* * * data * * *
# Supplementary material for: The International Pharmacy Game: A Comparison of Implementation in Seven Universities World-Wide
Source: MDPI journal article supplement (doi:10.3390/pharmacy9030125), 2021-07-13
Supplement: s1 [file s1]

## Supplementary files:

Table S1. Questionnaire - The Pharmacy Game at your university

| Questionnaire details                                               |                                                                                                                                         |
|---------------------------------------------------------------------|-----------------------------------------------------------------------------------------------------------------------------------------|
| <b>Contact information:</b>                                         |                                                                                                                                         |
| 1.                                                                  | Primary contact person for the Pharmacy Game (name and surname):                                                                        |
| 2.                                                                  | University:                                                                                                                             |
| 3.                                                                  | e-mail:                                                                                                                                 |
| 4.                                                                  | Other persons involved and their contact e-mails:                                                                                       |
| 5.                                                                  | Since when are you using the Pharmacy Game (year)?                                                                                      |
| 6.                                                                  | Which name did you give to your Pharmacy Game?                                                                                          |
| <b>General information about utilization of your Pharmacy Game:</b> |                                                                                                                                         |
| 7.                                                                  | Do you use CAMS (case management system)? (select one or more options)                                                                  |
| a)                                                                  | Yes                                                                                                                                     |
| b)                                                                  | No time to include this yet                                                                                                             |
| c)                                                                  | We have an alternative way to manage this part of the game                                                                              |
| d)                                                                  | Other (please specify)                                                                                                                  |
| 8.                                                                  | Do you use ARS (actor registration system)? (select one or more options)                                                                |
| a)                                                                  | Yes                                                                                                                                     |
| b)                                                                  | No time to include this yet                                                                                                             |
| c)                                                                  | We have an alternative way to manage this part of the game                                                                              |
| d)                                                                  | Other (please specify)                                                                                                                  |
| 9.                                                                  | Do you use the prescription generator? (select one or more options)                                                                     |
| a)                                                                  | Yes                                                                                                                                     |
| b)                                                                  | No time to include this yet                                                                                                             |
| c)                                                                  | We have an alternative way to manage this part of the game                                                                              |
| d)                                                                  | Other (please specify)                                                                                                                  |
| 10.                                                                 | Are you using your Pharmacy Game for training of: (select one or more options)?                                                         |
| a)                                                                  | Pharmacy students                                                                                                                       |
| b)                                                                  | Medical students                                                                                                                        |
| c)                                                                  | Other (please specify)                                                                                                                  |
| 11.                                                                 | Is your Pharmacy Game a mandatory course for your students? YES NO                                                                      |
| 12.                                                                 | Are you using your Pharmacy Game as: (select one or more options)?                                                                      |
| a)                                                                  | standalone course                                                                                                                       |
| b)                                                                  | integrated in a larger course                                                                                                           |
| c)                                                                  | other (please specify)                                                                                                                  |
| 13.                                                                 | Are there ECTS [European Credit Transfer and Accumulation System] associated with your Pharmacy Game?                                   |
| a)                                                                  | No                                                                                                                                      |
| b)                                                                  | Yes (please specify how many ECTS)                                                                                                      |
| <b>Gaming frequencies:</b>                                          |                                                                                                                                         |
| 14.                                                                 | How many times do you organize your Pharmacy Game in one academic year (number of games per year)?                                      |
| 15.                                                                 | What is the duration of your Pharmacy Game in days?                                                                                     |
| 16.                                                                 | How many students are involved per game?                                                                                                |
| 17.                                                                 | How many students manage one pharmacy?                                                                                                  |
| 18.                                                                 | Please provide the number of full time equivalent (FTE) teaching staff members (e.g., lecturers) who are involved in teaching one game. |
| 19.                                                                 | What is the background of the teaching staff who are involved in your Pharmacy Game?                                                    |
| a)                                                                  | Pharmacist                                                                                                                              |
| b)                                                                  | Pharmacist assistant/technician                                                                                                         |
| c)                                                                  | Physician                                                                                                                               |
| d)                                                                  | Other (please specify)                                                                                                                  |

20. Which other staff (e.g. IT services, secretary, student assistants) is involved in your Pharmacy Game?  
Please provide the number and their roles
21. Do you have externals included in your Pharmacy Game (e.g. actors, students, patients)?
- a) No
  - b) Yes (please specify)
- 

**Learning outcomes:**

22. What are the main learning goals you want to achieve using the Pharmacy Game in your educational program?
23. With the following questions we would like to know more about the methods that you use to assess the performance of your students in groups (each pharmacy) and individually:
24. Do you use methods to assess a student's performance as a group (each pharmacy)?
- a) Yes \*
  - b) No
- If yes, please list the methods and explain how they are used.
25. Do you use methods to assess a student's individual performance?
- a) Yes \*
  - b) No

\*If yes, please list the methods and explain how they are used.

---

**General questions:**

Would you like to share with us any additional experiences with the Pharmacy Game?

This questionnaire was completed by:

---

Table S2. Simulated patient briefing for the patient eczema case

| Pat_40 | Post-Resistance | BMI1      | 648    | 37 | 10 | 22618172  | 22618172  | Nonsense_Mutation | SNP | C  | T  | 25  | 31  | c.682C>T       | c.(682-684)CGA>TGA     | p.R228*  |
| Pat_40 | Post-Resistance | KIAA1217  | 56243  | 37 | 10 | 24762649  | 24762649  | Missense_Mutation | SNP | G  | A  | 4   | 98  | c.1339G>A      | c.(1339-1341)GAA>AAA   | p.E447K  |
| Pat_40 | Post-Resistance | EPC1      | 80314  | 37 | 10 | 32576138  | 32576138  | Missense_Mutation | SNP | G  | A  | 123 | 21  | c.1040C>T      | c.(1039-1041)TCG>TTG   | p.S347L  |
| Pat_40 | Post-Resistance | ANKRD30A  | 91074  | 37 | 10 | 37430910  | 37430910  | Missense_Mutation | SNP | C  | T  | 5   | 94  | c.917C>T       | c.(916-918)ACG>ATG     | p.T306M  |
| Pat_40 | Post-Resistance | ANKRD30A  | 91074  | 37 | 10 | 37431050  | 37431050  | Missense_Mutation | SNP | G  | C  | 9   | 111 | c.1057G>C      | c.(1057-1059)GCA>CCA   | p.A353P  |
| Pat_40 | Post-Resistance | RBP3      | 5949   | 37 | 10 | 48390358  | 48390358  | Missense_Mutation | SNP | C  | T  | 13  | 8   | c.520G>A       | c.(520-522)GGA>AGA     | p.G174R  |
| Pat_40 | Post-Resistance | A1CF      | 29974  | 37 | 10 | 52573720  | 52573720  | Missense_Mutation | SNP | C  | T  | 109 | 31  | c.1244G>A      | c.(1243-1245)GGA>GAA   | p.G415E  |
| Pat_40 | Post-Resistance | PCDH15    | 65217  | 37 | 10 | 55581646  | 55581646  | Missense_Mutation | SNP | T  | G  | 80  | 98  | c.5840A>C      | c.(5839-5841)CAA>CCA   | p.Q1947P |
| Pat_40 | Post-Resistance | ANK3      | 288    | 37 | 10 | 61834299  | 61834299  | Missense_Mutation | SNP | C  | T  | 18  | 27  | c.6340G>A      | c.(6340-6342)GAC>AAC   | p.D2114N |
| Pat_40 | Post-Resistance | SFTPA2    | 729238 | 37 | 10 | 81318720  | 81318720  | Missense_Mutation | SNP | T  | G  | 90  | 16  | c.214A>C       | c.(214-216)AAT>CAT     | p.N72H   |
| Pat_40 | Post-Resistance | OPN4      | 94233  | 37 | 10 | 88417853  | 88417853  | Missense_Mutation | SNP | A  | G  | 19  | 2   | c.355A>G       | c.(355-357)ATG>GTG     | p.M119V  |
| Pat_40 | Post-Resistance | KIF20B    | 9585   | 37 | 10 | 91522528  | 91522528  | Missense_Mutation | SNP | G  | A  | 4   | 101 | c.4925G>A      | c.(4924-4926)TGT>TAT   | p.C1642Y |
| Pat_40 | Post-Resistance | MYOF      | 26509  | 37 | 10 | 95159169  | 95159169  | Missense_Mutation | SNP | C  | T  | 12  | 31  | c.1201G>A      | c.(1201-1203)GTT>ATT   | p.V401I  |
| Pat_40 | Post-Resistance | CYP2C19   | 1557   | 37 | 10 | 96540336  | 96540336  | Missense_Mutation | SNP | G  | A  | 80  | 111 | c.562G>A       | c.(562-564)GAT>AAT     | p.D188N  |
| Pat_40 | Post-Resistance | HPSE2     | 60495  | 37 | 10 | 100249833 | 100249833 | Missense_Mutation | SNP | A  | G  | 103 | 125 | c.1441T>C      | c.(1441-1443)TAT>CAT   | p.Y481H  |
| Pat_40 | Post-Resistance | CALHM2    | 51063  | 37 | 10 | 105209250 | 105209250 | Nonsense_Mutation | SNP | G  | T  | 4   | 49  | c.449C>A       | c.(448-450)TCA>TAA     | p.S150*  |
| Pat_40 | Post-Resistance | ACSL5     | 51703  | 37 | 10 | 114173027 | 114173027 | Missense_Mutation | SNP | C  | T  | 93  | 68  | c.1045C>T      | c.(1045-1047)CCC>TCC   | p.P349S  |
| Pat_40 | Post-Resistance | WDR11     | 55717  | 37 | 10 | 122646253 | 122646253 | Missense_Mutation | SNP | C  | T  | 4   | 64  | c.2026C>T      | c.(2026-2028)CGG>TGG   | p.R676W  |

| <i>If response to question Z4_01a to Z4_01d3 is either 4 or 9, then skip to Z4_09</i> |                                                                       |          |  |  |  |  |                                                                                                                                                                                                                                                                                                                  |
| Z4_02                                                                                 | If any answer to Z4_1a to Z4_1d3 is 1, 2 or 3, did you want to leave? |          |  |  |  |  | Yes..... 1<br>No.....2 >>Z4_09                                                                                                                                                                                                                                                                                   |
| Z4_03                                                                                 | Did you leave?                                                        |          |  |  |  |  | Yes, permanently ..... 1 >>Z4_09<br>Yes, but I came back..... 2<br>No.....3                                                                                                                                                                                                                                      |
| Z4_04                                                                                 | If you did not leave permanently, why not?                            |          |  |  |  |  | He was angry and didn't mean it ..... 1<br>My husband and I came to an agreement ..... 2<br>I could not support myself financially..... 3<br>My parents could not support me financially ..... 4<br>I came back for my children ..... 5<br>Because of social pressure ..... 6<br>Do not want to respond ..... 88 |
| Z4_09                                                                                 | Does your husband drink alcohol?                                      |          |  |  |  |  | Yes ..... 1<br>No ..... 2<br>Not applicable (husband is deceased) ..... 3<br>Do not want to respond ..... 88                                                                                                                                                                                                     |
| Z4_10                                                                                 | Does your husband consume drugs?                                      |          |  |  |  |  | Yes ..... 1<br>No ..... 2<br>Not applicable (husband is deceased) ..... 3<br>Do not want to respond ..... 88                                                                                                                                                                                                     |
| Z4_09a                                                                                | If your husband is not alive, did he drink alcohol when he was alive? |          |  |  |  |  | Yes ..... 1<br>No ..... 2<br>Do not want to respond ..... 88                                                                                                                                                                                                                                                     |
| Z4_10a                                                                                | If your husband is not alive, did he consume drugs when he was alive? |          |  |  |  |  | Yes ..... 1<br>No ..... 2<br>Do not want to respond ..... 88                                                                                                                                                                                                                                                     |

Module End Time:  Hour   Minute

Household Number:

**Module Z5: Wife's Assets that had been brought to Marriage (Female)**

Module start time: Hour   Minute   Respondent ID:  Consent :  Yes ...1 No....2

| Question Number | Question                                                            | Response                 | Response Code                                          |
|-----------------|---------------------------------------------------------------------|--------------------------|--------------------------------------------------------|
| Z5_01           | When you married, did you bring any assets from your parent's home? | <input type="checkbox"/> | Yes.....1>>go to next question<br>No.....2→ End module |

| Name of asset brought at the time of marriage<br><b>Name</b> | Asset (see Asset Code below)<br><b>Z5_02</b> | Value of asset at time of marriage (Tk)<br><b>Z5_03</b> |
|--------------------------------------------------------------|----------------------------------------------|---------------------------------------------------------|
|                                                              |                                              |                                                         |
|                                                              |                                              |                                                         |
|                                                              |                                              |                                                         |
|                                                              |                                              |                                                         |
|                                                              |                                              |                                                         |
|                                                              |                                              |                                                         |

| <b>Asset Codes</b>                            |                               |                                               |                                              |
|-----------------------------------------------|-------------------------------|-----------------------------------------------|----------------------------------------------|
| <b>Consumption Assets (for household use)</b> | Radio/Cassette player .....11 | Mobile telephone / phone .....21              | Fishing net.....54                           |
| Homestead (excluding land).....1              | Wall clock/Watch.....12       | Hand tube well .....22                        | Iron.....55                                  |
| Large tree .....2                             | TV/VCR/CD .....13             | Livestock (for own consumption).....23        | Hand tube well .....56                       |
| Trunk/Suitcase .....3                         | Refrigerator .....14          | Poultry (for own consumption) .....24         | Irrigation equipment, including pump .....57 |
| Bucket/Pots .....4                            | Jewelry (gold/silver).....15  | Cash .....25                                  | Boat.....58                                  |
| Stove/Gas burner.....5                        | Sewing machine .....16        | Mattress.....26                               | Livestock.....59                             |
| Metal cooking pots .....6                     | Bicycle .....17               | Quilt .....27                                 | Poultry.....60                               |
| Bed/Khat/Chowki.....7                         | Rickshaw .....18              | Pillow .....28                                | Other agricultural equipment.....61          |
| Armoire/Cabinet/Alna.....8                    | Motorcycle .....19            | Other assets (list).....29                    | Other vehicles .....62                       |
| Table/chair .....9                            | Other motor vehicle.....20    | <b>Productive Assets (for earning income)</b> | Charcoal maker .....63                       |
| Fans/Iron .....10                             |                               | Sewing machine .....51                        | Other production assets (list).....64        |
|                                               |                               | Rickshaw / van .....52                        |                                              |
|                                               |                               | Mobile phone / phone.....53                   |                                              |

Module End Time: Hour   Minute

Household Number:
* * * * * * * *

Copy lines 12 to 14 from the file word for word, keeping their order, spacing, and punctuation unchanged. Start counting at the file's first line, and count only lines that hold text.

| 4.                                                                  | Other persons involved and their contact e-mails:                                                                                       |
| 5.                                                                  | Since when are you using the Pharmacy Game (year)?                                                                                      |
| 6.                                                                  | Which name did you give to your Pharmacy Game?                                                                                          |